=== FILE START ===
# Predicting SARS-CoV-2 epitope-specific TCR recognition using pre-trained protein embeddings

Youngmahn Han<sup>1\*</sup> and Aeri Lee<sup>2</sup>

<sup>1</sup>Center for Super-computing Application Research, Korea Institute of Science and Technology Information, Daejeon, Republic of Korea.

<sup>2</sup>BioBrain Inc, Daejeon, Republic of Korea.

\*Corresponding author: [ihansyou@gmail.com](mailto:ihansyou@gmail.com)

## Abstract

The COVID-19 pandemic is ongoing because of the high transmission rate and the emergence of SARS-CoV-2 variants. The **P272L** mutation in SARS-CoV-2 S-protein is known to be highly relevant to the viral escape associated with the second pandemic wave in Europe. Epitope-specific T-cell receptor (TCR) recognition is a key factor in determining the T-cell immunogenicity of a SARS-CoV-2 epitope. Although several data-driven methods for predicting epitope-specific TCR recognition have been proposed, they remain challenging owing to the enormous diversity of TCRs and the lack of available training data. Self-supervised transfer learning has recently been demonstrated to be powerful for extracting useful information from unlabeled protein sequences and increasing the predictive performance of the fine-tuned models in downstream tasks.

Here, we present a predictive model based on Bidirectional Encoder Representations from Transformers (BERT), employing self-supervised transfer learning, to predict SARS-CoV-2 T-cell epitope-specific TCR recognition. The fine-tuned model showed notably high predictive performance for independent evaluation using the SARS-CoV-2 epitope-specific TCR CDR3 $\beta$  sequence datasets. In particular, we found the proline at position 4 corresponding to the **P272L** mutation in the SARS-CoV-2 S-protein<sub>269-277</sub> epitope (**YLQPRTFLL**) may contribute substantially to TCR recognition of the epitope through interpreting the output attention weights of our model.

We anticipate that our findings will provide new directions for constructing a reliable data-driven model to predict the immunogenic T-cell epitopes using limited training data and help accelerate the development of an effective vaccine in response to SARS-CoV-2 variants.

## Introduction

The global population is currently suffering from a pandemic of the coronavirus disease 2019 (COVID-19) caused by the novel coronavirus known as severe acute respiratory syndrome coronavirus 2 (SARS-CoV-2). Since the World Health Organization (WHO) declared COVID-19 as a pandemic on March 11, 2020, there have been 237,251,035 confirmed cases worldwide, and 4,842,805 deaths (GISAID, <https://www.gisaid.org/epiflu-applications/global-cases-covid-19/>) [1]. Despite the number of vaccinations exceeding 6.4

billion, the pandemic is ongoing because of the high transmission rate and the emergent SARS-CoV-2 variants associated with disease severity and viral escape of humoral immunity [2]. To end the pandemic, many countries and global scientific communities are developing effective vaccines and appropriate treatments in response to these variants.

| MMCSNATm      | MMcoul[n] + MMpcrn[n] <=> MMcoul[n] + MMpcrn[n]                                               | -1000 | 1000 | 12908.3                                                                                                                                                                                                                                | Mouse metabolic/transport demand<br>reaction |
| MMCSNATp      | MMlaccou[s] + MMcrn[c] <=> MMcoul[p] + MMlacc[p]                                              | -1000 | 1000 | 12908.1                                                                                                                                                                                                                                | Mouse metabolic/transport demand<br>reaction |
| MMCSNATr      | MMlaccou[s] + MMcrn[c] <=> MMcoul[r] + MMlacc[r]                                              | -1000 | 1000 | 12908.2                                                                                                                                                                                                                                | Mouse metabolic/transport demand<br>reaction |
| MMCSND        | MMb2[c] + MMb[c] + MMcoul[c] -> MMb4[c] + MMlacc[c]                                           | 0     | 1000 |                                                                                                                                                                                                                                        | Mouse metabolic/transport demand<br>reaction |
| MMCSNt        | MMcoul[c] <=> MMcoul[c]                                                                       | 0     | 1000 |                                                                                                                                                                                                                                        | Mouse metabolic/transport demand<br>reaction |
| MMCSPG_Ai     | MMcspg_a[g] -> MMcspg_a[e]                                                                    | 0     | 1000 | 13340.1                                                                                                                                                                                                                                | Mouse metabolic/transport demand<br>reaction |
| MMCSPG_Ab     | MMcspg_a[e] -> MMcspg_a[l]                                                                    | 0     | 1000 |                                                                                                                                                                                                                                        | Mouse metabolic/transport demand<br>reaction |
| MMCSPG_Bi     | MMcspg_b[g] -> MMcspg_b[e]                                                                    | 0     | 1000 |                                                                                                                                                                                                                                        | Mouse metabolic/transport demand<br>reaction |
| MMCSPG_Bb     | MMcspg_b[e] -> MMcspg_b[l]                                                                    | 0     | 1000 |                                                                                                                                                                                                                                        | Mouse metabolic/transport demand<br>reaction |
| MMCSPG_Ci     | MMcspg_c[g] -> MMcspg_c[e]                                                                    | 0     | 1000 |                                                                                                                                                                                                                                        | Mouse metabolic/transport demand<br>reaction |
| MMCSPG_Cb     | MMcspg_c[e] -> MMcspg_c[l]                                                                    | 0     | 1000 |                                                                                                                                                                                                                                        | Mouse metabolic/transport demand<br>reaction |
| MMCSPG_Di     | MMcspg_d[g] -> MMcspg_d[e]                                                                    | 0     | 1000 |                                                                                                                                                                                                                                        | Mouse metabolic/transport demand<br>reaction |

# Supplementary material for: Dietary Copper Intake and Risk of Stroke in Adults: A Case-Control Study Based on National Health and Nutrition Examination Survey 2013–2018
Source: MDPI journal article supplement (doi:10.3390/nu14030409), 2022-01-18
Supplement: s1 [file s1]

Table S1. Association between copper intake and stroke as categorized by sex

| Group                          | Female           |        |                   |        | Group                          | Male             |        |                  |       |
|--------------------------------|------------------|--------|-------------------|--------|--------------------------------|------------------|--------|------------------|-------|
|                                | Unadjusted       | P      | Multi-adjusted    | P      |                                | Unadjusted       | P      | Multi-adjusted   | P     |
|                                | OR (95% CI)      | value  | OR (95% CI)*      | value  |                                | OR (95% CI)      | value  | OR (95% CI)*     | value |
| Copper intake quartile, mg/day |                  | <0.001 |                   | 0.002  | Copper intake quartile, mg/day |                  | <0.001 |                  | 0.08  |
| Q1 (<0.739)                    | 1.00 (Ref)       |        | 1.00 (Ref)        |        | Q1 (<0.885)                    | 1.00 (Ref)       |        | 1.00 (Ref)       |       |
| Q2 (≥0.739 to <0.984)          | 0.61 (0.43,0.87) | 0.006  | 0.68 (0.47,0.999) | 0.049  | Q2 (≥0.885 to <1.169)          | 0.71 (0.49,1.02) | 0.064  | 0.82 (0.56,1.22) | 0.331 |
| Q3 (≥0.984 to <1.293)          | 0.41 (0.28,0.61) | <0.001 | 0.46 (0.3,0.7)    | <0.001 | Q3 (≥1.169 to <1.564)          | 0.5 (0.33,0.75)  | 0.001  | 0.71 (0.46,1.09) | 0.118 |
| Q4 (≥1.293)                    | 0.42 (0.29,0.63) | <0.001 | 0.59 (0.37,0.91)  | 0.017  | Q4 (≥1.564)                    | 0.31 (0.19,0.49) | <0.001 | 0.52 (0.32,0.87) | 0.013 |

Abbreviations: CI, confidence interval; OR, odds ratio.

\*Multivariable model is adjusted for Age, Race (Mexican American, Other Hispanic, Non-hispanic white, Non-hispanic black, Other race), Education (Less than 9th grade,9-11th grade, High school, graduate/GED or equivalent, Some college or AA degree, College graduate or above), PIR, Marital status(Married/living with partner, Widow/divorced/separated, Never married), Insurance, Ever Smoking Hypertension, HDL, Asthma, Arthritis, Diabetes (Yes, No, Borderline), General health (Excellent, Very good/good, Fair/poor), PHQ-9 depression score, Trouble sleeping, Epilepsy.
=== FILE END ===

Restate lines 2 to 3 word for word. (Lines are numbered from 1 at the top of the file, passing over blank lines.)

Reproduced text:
Youngmahn Han<sup>1\*</sup> and Aeri Lee<sup>2</sup>

<sup>1</sup>Center for Super-computing Application Research, Korea Institute of Science and Technology Information, Daejeon, Republic of Korea.